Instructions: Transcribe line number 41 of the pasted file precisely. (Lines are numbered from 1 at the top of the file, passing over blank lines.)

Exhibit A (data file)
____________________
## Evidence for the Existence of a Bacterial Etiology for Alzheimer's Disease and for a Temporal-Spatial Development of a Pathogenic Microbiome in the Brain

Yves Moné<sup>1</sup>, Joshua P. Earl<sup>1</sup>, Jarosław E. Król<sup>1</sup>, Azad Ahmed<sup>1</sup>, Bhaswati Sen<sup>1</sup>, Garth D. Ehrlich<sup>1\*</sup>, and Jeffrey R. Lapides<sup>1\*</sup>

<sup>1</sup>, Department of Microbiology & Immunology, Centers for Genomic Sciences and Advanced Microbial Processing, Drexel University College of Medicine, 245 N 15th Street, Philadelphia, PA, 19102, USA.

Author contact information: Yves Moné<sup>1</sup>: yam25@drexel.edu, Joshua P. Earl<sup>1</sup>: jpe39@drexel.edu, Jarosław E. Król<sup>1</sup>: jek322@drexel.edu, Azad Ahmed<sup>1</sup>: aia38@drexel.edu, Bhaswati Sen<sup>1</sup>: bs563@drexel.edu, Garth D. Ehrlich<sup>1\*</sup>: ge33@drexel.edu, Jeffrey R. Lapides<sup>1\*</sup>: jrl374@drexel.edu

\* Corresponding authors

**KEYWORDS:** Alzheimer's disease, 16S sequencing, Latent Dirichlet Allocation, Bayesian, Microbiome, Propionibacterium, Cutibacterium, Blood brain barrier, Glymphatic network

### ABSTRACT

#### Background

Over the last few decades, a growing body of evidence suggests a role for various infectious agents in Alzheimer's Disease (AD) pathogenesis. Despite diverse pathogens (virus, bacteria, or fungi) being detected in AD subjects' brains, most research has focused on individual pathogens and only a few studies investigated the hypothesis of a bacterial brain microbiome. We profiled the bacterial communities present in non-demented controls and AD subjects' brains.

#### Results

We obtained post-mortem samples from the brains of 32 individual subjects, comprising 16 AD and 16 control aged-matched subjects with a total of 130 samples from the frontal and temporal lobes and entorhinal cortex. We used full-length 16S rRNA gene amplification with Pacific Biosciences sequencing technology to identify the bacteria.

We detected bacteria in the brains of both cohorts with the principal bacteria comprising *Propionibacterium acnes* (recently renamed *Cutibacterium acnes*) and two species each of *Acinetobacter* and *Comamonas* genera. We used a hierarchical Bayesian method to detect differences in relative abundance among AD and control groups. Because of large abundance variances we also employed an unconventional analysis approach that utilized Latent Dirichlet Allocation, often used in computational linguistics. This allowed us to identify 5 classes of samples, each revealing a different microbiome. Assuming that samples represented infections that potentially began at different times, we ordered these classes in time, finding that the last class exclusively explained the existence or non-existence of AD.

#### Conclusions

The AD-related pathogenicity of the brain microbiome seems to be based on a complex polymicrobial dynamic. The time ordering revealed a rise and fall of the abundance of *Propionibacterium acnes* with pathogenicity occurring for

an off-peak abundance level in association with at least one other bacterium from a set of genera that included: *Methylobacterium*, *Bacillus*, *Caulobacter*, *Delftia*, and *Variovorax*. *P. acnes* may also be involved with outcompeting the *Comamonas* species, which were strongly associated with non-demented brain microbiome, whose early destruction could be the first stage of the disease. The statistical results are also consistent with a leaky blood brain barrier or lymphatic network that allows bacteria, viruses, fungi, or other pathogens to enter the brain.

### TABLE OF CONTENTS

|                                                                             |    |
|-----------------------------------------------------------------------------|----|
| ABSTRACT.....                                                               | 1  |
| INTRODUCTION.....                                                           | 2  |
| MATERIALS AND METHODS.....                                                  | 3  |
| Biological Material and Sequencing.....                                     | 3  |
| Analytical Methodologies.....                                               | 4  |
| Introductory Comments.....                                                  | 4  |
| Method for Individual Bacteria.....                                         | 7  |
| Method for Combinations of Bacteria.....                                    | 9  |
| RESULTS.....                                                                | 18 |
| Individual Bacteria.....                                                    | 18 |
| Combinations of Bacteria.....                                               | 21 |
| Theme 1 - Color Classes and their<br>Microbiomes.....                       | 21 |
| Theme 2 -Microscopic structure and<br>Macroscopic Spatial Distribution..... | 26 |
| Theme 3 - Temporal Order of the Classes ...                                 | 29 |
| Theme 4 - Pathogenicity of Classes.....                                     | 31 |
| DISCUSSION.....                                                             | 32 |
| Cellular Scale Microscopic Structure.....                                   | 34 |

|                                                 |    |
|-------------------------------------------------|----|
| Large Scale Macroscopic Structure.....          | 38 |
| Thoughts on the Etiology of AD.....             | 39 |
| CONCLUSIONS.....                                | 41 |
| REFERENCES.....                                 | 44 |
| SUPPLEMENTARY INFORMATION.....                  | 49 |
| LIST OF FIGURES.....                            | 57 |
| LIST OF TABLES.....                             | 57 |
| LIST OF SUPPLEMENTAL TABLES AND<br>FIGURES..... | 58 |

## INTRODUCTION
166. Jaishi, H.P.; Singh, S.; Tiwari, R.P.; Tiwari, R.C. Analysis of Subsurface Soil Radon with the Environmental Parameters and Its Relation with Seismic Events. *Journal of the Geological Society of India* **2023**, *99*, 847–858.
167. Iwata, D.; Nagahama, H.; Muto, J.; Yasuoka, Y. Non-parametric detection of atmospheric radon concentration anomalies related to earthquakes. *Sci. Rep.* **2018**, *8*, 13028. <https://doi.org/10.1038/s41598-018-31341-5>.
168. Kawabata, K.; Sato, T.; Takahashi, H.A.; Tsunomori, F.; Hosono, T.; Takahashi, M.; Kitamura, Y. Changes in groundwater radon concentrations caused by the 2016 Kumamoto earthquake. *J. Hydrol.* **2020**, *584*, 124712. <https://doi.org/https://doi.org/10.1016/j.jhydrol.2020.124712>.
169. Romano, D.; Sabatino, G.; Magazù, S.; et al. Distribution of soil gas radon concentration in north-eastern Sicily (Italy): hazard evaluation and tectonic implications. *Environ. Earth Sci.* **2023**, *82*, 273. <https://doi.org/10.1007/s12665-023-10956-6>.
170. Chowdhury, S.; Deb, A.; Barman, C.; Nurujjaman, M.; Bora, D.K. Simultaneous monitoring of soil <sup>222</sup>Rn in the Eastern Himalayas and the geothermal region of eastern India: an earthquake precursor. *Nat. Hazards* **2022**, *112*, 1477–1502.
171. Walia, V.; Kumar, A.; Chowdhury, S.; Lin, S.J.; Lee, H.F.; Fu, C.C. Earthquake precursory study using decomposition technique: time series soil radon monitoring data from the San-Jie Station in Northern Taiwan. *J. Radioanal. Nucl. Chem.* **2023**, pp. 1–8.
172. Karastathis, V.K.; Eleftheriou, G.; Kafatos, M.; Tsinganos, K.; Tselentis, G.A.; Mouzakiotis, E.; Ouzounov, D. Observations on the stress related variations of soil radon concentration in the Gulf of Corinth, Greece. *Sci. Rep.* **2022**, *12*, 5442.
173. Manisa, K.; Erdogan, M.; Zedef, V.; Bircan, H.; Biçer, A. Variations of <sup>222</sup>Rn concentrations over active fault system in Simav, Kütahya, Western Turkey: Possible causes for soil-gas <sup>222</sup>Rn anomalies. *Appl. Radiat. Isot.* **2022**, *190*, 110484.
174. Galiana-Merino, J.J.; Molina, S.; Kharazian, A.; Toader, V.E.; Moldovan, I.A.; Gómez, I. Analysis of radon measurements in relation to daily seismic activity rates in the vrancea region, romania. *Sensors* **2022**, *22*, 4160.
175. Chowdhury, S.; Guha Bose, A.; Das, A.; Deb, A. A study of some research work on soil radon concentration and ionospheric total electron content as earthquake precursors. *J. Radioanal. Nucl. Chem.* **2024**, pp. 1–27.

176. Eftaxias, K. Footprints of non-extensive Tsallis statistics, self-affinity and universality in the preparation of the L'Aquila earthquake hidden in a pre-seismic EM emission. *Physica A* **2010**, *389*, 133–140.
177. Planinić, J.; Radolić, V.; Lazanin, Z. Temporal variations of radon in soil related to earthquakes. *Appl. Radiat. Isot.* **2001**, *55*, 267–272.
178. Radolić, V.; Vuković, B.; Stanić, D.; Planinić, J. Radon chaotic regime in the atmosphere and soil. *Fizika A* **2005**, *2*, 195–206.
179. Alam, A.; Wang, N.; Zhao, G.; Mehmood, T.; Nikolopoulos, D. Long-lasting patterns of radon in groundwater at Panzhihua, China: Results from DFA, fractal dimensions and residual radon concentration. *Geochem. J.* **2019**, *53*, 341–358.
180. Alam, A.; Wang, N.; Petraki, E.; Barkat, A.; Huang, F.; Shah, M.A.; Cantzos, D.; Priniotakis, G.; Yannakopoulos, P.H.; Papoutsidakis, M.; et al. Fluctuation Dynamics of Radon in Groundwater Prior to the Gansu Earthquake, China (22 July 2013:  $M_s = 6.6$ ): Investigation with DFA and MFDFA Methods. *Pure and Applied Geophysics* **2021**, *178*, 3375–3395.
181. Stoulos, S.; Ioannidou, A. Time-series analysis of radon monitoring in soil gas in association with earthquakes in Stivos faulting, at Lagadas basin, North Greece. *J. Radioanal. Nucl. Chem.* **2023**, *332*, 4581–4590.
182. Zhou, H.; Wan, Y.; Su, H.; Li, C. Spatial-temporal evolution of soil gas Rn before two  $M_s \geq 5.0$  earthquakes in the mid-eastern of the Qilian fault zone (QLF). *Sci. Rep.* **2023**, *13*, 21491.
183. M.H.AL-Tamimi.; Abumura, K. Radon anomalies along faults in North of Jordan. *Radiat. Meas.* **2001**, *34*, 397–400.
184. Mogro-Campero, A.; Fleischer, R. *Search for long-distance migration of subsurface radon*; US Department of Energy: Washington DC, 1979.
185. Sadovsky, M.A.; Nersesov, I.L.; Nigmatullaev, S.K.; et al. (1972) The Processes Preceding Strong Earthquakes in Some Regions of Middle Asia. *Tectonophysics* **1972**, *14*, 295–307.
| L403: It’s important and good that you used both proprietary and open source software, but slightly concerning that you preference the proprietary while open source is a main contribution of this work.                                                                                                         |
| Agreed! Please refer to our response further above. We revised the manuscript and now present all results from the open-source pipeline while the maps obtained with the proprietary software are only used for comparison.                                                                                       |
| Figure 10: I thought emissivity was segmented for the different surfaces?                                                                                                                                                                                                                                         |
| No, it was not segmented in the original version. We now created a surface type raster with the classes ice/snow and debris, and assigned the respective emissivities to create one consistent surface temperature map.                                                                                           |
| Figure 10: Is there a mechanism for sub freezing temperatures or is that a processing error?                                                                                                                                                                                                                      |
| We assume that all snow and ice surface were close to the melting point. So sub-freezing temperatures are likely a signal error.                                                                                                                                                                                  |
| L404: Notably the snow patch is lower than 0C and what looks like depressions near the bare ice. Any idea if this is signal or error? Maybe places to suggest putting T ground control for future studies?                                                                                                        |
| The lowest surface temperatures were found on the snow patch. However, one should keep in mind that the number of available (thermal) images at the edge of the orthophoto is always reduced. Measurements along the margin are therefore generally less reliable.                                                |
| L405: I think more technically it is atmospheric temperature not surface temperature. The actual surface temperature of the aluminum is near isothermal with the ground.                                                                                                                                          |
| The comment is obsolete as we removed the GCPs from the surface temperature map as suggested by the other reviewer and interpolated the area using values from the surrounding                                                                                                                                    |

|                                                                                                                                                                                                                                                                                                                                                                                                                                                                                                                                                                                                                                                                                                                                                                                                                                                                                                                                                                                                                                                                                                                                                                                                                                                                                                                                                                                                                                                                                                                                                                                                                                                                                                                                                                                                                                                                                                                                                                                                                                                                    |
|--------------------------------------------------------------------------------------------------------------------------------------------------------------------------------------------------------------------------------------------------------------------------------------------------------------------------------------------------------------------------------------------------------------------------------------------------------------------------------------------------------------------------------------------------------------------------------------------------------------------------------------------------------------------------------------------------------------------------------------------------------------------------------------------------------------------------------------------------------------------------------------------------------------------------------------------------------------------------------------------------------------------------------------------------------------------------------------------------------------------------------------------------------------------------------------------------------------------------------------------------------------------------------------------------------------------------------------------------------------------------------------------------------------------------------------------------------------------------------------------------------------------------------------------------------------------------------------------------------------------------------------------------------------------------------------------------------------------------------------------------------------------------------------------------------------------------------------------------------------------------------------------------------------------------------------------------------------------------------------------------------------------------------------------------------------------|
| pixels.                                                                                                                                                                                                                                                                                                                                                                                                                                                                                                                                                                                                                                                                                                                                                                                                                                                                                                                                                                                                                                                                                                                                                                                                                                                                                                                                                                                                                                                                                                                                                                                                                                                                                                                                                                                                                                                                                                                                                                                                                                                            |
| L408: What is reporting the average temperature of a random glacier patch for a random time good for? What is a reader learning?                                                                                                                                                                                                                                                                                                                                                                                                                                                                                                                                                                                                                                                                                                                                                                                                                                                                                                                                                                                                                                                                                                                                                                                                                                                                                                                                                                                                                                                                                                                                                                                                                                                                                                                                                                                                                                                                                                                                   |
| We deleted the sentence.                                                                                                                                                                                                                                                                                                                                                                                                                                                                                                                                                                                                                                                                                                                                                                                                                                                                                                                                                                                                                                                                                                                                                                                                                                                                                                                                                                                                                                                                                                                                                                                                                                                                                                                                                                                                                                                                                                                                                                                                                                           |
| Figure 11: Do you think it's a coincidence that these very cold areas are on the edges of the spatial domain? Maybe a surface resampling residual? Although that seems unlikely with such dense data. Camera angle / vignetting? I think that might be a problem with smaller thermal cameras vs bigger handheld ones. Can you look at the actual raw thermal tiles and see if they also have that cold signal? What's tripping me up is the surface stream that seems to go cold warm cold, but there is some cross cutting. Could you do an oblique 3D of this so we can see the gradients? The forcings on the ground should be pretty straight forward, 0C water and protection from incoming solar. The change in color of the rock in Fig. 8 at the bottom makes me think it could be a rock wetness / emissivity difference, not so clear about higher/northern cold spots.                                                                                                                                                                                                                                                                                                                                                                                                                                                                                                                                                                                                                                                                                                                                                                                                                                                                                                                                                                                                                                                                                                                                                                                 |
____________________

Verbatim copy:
| REFERENCES.....                                 | 44 |